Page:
Here are five things you must know for Tuesday, April 13:
1. -- Stock Futures Fluctuate Ahead of Inflation Data
Stock futures turned lower Tuesday after federal health agencies saif they would call for a pause in the use of Johnson & Johnson’s (JNJ) - Get Report single-dose coronavirus vaccine after rare clotting cases in six recipients in the United States.
Both the Food and Drug Administration and the Centers for Disease Control and Prevention will stop using the drug, developed by J&J's Janssen Pharmaceuticals division, at federal vaccination sites after six people were found to have developed a rare blood clot issue within two weeks of receiving the single-dose shot.
Contracts linked to the Dow Jones Industrial Average fell 134 points, S&P 500 futures were down 13 points and futures on the tech-heavy Nasdaq fell 20 points.
Investors Tuesday awaited inflation data to determine what risks a bump up in consumer prices might have on a U.S. economic recovery.
Wall Street also was preparing for the start of first-quarter earnings season and a Treasury auction of 30-year bonds after sales of three- and 10-year notes were met with slightly lower demand than previous auctions.
The yield on the 10-year U.S. Treasury rose early Tuesday to 1.685%.
Stocks closed Monday with modest losses and the S&P 500 snapped a three-day winning streak. The broad market index finished last week with its third straight weekly gain.
Asian equities ended Tuesday's session mostly higher but stocks in Shanghai declined after China reported exports rose nearly 31% in March, which was lower than expectations.
2. -- Tuesday's Calendar: Consumer Price Index for March
The U.S. economic calendar for Tuesday includes the NFIB Small Business Optimism Index for March at 6 a.m. ET and the Consumer Price Index for March at 8:30 a.m.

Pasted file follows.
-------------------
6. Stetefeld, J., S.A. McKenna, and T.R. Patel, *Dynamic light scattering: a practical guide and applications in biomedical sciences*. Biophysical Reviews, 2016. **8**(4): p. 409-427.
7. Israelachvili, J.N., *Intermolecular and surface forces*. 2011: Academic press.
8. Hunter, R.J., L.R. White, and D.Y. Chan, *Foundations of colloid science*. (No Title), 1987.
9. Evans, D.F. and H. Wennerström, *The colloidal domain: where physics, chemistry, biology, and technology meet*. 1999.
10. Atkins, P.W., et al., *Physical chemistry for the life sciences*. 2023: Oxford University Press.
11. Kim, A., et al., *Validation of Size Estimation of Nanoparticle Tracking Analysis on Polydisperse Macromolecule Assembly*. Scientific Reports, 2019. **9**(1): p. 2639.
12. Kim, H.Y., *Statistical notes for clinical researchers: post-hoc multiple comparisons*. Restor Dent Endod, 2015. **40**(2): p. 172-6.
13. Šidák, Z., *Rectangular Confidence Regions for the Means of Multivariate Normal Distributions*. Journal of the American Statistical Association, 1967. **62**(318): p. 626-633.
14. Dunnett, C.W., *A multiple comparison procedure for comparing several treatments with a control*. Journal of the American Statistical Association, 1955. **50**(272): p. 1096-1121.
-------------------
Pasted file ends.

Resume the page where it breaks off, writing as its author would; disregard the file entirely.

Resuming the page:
Economists surveyed by FactSet expect U.S. consumer prices to have risen 0.5% last month, with the annual rate at 2.5%.
Core inflation, excluding food and energy prices, is forecast to increase 0.2% in March or 1.5% on an annual basis.
Earnings are expected Tuesday from Fastenal FAST, OrganiGram OGI and KushCo Holdings KSHB.
3. -- Bitcoin Rallies to All-Time High
The world's largest cryptocurrency rose to as high as $63,191, according to CoinDesk.
Coinbase Global, the largest U.S. cryptocurrency exchange, will make its trading debut Wednesday through a direct listing on the Nasdaq.
“It’s the evolution of an industry that used to sit on the periphery,” Nick Jones, CEO and co-founder at cryptocurrency wallet Zumo, told Bloomberg. “It really blurs the lines between crypto and more traditional financial institutions.”
The IPO values the company at about $100 billion, more than the New York Stock Exchange and Nasdaq combined, according to Bloomberg.
Coinbase’s public debut this week also boosted the digital coins of other cryptocurrency exchanges, such as Binance Coin, which has jumped to become the third-most valuable cryptocurrency behind Bitcoin and Ether, according to Bloomberg.
4. -- Jim Cramer Likes Innovative Tech Companies Such as Microsoft and Nvidia
Jim Cramer, the founder of TheStreet, told viewers of his "Mad Money" program Monday that he likes tech stocks so much because they're always innovating.
He highlighted two: Microsoft (MSFT) - Get Report, which announced it was buying speech-recognition software maker Nuance Communications (NUAN) - Get Report for nearly $20 billion in a push further into healthcare for the software giant.
The other was Nvidia (NVDA) - Get Report, the chipmaker that announced Monday it was offering its first server microprocessors, a move that will further heat up the chipmaker's rivalry with Intel (INTC) - Get Report.
5. -- GameStop's Search for New CEO Being Led by Ryan Cohen
GameStop (GME) - Get Report has begun a search for a new chief executive and the effort is being led by Chewy co-founder Ryan Cohen, who became a GameStop director in January, The Wall Street Journal reported.
Reuters was first to report that videogame retailer GameStop was looking for a successor to CEO George Sherman, who has been chief executive since April 2019, as it looks to become more of an e-commerce company.
GameStop is focusing its search on candidates with a background in technology or the videogame industry, the Journal reported, citing a person familiar with the matter.
Cohen isn’t planning on taking the role, the person also said.
At least three top lieutenants of Sherman have left the company or announced plans to depart within the past few months. Former Chief Financial Officer Jim Bell and Chief Customer Officer Frank Hamlin are among senior executives who recently have left the company.